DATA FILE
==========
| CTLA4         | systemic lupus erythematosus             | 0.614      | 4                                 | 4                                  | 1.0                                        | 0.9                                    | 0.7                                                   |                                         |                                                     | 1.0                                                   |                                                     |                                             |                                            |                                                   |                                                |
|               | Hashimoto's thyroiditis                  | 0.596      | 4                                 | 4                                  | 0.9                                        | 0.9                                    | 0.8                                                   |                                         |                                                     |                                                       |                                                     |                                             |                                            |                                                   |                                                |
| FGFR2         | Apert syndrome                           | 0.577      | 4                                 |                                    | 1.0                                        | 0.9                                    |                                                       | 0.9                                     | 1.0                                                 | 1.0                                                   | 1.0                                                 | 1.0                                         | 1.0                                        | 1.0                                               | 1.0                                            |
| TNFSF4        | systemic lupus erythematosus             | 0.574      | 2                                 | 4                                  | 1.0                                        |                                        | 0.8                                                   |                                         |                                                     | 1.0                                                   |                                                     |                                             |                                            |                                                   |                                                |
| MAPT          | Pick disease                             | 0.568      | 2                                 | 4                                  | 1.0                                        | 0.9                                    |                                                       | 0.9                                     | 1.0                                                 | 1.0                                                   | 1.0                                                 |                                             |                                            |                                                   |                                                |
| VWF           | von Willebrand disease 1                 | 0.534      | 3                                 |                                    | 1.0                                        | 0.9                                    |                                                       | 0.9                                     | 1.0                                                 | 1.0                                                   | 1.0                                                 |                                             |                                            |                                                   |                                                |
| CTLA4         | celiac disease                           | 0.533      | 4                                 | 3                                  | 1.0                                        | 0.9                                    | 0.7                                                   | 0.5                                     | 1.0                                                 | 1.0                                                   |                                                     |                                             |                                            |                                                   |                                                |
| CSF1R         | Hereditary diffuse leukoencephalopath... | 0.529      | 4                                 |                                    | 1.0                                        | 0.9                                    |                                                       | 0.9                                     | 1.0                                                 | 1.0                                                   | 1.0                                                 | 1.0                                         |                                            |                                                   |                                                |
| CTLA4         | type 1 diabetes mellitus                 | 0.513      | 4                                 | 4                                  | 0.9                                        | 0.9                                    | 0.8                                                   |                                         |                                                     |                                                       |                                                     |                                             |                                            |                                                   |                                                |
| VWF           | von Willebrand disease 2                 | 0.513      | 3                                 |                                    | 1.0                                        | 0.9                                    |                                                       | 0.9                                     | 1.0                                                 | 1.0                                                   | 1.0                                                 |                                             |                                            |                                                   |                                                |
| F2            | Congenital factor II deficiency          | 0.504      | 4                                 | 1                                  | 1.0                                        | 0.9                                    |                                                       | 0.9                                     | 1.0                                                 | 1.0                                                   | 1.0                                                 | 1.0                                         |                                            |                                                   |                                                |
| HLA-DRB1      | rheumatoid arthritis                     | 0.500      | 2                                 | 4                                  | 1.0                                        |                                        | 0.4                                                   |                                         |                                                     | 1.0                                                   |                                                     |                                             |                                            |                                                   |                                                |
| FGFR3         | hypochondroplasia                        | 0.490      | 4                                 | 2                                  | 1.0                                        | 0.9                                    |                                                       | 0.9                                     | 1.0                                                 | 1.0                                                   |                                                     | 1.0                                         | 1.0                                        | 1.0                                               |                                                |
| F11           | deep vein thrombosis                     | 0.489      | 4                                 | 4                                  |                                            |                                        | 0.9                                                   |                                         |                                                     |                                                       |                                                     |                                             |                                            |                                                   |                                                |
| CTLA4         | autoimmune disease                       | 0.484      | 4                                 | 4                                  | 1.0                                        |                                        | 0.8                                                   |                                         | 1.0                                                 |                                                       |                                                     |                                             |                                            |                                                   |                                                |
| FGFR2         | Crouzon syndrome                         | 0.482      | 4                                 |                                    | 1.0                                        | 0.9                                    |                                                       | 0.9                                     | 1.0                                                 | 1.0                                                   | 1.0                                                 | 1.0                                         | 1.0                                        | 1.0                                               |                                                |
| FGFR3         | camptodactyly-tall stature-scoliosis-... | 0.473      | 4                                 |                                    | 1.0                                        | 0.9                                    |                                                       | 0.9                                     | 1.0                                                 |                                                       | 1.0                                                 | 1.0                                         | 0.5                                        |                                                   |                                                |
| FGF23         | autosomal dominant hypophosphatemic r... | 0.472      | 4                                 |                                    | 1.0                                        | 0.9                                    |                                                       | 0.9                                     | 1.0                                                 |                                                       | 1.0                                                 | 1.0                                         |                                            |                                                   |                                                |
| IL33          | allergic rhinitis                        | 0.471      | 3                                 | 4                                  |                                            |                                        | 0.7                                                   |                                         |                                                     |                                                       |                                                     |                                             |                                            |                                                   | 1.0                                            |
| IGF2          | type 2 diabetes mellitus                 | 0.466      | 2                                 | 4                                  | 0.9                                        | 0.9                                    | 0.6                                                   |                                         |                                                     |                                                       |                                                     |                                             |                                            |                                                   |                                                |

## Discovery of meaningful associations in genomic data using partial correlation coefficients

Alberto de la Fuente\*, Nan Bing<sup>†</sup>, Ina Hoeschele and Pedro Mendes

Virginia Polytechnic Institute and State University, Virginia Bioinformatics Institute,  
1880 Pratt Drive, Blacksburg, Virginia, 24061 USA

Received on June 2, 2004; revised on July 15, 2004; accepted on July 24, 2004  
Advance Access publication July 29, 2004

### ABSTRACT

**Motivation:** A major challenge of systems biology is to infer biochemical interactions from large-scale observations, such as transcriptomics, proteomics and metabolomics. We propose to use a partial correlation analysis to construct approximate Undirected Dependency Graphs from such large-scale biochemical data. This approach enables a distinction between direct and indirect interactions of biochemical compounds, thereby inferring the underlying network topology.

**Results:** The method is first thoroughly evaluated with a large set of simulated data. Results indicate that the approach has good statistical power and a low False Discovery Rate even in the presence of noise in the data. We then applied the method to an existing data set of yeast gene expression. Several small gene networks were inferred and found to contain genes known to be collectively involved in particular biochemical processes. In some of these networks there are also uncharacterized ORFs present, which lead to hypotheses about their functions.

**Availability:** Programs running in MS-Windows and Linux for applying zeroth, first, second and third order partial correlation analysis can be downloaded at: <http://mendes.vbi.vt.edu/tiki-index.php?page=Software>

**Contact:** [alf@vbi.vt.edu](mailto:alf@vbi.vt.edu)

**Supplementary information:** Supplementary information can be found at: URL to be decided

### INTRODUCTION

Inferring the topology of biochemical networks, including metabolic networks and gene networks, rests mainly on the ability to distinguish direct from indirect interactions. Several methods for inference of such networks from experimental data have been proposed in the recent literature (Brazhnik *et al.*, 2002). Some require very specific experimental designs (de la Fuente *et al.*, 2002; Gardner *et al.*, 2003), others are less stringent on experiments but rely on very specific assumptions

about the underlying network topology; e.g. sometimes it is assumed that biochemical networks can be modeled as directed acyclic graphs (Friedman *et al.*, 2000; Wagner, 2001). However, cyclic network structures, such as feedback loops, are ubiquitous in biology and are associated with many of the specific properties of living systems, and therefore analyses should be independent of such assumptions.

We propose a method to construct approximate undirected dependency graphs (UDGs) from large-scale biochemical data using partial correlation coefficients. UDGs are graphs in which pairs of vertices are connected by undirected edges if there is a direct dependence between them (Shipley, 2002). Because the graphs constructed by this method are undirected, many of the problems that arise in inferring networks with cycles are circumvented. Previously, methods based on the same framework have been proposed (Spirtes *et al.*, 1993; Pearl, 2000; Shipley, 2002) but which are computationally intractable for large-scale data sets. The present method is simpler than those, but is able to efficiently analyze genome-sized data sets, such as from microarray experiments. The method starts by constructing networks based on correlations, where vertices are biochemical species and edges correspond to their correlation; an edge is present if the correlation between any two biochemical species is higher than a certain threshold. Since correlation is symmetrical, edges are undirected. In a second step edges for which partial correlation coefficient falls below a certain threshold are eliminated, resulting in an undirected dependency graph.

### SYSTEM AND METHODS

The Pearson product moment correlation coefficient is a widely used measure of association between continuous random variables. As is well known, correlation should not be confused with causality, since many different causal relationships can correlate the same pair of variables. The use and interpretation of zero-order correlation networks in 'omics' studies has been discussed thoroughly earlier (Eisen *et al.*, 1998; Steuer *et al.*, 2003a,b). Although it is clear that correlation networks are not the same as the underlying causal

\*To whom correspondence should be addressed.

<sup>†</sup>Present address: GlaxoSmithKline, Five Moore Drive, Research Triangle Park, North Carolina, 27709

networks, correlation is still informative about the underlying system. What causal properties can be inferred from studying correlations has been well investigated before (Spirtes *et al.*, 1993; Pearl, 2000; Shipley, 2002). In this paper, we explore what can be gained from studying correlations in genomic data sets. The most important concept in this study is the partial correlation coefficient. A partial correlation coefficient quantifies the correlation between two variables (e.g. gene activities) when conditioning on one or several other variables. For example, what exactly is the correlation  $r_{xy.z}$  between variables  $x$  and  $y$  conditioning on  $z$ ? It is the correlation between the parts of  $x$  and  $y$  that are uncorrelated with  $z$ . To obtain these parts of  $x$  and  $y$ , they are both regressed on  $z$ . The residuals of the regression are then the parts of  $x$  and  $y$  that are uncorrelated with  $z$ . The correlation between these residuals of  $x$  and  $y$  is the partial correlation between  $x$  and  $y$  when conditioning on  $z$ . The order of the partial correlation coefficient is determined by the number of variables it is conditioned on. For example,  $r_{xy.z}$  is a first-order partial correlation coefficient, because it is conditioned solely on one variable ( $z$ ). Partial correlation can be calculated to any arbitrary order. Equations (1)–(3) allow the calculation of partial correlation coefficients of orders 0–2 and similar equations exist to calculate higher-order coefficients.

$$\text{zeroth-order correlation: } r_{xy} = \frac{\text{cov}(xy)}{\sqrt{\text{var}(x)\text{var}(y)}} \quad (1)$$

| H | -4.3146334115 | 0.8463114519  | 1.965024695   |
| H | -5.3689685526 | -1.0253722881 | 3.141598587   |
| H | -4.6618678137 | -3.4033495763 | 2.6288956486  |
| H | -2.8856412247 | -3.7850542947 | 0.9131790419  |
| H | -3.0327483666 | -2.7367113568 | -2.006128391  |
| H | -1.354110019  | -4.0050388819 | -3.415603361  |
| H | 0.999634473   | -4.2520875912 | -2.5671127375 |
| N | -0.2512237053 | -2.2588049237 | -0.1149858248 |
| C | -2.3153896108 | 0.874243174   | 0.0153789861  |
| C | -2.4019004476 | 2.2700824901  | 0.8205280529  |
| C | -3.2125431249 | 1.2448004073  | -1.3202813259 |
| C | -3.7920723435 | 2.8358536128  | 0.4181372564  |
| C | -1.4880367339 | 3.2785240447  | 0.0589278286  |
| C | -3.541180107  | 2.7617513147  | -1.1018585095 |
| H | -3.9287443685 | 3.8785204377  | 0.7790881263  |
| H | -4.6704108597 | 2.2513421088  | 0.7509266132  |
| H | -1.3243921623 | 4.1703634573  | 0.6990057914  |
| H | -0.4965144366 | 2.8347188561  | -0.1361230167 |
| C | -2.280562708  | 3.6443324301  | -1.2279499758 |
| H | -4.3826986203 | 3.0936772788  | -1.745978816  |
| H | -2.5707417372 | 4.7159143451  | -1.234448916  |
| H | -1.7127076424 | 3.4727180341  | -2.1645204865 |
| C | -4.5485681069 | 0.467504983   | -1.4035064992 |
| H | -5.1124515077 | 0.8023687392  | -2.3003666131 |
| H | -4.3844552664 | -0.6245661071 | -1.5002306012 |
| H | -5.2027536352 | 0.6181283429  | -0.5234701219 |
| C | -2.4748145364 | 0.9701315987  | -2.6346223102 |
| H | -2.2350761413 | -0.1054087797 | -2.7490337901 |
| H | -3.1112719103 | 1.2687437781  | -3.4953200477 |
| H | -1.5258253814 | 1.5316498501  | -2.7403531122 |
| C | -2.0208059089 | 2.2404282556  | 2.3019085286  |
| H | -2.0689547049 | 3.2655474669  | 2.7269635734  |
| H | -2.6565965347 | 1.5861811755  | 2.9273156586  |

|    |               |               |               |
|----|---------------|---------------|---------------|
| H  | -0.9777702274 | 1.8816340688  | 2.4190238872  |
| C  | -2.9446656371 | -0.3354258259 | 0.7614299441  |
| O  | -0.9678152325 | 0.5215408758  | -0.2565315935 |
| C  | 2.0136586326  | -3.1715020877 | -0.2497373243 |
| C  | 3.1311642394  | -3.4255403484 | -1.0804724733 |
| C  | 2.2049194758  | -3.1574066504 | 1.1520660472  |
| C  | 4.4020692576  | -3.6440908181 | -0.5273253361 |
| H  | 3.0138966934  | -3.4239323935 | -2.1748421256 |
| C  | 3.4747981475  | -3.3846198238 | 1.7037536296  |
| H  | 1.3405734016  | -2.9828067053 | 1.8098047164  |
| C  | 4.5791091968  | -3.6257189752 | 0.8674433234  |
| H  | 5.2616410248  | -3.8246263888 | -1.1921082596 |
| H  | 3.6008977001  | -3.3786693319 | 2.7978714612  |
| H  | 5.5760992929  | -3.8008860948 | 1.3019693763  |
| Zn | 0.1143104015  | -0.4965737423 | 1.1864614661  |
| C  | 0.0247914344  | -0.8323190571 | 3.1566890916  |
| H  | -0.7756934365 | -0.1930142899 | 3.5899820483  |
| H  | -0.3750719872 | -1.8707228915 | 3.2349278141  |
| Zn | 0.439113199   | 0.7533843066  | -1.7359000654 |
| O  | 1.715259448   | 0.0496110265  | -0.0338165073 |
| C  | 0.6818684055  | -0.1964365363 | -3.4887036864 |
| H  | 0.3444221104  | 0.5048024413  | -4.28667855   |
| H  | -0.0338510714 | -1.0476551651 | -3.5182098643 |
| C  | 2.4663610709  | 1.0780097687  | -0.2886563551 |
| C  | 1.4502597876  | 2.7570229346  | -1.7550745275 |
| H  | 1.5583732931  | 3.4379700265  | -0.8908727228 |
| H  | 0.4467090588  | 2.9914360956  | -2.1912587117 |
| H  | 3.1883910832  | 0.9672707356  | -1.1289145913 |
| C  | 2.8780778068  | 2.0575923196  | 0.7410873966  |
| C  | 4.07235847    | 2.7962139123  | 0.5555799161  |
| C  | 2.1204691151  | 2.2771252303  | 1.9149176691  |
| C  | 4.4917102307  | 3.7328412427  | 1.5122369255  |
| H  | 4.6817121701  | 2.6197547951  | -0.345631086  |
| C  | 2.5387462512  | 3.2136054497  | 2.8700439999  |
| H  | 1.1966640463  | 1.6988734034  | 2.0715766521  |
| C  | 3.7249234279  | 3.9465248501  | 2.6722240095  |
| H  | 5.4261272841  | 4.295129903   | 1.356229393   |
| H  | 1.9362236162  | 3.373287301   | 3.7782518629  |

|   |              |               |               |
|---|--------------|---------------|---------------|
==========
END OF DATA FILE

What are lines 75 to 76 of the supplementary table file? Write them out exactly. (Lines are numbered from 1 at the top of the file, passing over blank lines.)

| H | -2.6565965347 | 1.5861811755  | 2.9273156586  |

|    |               |               |               |